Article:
Bank of Israel Opposes Plan to Allow Non-banks to Offer Consumer Loans

The Finance Ministry's proposal is meant to spur more competition but the central bank fears easy credit could trigger a U.S.-style financial crisis.

Emil Salman

The Bank of Israel came out strongly against the idea of non-bank companies offering consumer loans in competition with banks, warning it could spin into a financial crisis as happened in the United States and Europe in 2008.

“No one should forget that the current global financial crisis – one of the longest in history – was born out of aggressive marketing of household credit in a low interest rate environment,” the central bank said in a sharply worded statement on Tuesday.

The bank was responding to a plan by the Finance Ministry, appearing in the Budget Arrangements Law, that would allow non-bank lenders to issue up to 2.5 billion shekels ($660 million) in bonds to finance consumer loans. The legislation would entitle the finance minister to double the figure.

Right now, under Israel’s Bank Law, only licensed banks can issue bonds for making loans. Allowing non-banks to do the same would enable them to raise sufficient funds to become a presence in the market.

The measure is one of several the government is pursuing, such as splitting credit card companies from the banks, to spur more competition in lending. But the moves have run into opposition from the Bank of Israel, which is concerned about undermining the financial soundness of the banks.

And, with the base lending rate in Israel at a record low 0.1%, consumers would be tempted to borrow because of the low cost of loans.

“Amending the [Bank] Law is likely to create risks to consumers, to small businesses and the economy as a whole,” the bank said. “Amending the law opens the door for an unlimited number of companies exploiting low interest rates to raise debt and market loans aggressively to households, mainly to households with low levels of financial literacy and none of the consumer protections such a market requires.”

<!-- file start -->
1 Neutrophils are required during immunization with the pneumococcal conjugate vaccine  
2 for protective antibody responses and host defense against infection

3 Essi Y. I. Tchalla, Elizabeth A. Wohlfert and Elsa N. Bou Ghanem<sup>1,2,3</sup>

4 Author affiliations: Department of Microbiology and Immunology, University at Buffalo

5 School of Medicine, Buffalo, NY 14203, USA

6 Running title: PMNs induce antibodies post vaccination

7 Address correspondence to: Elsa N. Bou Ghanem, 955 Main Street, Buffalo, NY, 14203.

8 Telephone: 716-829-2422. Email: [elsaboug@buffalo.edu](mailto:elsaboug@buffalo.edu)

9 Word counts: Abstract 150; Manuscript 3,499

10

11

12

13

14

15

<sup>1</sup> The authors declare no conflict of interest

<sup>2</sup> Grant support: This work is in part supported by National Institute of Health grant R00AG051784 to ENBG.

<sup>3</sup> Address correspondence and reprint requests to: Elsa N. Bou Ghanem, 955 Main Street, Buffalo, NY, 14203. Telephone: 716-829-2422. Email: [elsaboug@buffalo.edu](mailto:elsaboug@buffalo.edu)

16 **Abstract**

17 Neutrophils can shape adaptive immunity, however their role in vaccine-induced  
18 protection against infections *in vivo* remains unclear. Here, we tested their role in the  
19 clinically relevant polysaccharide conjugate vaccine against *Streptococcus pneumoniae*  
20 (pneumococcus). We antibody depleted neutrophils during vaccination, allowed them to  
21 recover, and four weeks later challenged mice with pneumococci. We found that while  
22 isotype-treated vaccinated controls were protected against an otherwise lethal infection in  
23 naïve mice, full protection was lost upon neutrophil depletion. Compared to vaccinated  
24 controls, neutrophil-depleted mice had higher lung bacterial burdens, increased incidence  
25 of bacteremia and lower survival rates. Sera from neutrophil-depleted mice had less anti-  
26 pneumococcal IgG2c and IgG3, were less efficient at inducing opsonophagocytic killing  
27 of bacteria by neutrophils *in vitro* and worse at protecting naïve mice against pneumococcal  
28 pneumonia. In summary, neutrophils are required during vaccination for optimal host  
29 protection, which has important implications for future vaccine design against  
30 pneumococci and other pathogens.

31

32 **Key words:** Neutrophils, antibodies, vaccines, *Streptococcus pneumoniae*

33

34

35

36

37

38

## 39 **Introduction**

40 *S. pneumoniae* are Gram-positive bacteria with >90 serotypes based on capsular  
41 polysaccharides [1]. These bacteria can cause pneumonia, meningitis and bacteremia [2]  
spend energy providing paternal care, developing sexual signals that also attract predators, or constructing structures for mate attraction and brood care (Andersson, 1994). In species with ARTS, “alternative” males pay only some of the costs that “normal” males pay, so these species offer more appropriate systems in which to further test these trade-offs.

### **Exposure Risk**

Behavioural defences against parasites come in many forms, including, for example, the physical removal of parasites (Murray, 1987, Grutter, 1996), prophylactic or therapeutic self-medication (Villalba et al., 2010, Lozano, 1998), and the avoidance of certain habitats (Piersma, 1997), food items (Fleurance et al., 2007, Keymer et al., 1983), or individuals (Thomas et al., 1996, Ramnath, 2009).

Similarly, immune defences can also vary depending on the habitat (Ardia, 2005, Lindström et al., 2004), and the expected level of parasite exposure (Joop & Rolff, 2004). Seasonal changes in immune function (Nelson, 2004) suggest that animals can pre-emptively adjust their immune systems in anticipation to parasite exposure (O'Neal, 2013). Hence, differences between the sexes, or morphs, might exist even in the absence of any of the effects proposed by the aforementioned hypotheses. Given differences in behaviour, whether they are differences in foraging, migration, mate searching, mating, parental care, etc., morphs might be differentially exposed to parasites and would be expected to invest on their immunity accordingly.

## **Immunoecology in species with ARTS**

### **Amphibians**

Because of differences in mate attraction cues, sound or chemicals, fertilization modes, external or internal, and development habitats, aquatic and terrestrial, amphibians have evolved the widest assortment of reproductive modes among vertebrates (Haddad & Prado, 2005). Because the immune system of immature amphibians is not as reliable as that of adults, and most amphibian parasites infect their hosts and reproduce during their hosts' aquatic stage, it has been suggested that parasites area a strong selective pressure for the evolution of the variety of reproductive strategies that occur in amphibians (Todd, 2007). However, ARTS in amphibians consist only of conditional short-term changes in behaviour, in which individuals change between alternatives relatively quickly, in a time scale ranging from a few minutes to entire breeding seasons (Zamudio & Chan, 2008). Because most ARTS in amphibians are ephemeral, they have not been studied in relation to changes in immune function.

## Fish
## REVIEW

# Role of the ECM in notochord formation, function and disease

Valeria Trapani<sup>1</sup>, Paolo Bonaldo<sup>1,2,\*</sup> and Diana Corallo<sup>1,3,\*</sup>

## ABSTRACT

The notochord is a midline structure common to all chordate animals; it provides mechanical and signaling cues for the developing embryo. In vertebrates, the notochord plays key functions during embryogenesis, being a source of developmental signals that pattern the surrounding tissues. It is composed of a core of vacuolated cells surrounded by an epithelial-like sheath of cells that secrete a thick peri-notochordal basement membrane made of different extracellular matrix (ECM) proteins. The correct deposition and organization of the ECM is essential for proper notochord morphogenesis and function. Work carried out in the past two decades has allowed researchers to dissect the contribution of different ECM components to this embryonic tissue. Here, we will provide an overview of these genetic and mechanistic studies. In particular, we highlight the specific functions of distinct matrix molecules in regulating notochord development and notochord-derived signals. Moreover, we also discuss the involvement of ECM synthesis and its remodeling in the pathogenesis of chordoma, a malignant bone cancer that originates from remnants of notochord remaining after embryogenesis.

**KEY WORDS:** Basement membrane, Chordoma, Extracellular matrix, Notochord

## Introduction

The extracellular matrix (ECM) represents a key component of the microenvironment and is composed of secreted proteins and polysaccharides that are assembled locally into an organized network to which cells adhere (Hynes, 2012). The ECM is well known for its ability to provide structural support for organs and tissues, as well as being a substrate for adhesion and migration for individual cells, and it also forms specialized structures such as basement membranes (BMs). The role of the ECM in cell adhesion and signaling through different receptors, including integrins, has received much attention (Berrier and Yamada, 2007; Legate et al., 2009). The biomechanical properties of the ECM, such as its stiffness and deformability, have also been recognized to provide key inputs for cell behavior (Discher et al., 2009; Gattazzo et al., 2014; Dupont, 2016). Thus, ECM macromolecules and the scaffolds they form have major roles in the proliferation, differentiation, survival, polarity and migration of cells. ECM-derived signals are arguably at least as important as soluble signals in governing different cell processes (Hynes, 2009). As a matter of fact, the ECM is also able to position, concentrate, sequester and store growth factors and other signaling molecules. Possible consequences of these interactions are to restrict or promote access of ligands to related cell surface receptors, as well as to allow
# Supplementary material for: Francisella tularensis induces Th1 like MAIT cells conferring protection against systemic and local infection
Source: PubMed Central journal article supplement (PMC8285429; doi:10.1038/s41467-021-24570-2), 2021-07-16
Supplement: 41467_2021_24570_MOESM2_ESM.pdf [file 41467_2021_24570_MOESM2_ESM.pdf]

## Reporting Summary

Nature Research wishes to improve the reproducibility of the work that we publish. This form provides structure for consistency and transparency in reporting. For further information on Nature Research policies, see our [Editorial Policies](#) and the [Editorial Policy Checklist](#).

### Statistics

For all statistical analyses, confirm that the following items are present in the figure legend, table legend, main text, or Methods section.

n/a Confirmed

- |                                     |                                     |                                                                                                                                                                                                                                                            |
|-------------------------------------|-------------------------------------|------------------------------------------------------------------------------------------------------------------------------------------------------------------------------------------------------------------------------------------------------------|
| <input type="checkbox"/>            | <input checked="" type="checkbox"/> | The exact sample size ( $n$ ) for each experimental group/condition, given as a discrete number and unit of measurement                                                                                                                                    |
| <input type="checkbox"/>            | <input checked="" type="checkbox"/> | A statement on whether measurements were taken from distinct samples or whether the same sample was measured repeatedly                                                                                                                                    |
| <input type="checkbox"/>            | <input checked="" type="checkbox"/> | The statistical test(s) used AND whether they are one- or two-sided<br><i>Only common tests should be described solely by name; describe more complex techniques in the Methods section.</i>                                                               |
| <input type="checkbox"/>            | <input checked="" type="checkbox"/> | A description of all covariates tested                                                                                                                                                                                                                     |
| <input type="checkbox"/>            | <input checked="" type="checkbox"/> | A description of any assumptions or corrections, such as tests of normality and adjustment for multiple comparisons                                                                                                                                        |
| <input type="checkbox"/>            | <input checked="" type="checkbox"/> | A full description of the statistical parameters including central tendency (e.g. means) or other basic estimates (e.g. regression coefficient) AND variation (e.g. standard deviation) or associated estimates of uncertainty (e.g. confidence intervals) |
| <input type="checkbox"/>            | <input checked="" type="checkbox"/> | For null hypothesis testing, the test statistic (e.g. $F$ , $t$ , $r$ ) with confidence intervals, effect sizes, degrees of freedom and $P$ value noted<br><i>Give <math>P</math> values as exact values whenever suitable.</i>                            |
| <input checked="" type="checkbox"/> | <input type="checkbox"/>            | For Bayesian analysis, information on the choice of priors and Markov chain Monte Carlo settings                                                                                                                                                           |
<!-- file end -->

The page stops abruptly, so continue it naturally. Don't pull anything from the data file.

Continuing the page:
Although the Finance Ministry plan would limit the amount of borrowing non-banks could undertake to finance loans, the central bank warned that it would easily spin out of control. It noted that in the United States in 2004, just four years before the financial crisis exploded, sub-prime loans amounted to just 2% of gross domestic product, a figure that would be 25 billion shekels annually in Israeli terms.

The bank said the reform should be delayed until a regulatory mechanism can be set up.

Even before the Bank of Israel issued its warning, sources in the banking industry had expressed concern about unfair competition. The banking industry is highly regulated and must abide by high levels of disclosure to borrowers that the non-bank sector does not have to observe.

Likewise, banking executives are worried about households accumulating high levels of debt, which in turn would hurt the banks’ consumer loan and mortgage portfolios.

The central bank isn’t opposed to all new competition and said on Tuesday it supported plans to create a nationwide credit database, which would help other lenders to make loans with more confidence. Right now, such information is controlled exclusively by the banks.

The government has set a November deadline for passing the credit database law; it’s expected to take another two to three years after that to establish a nationwide credit database.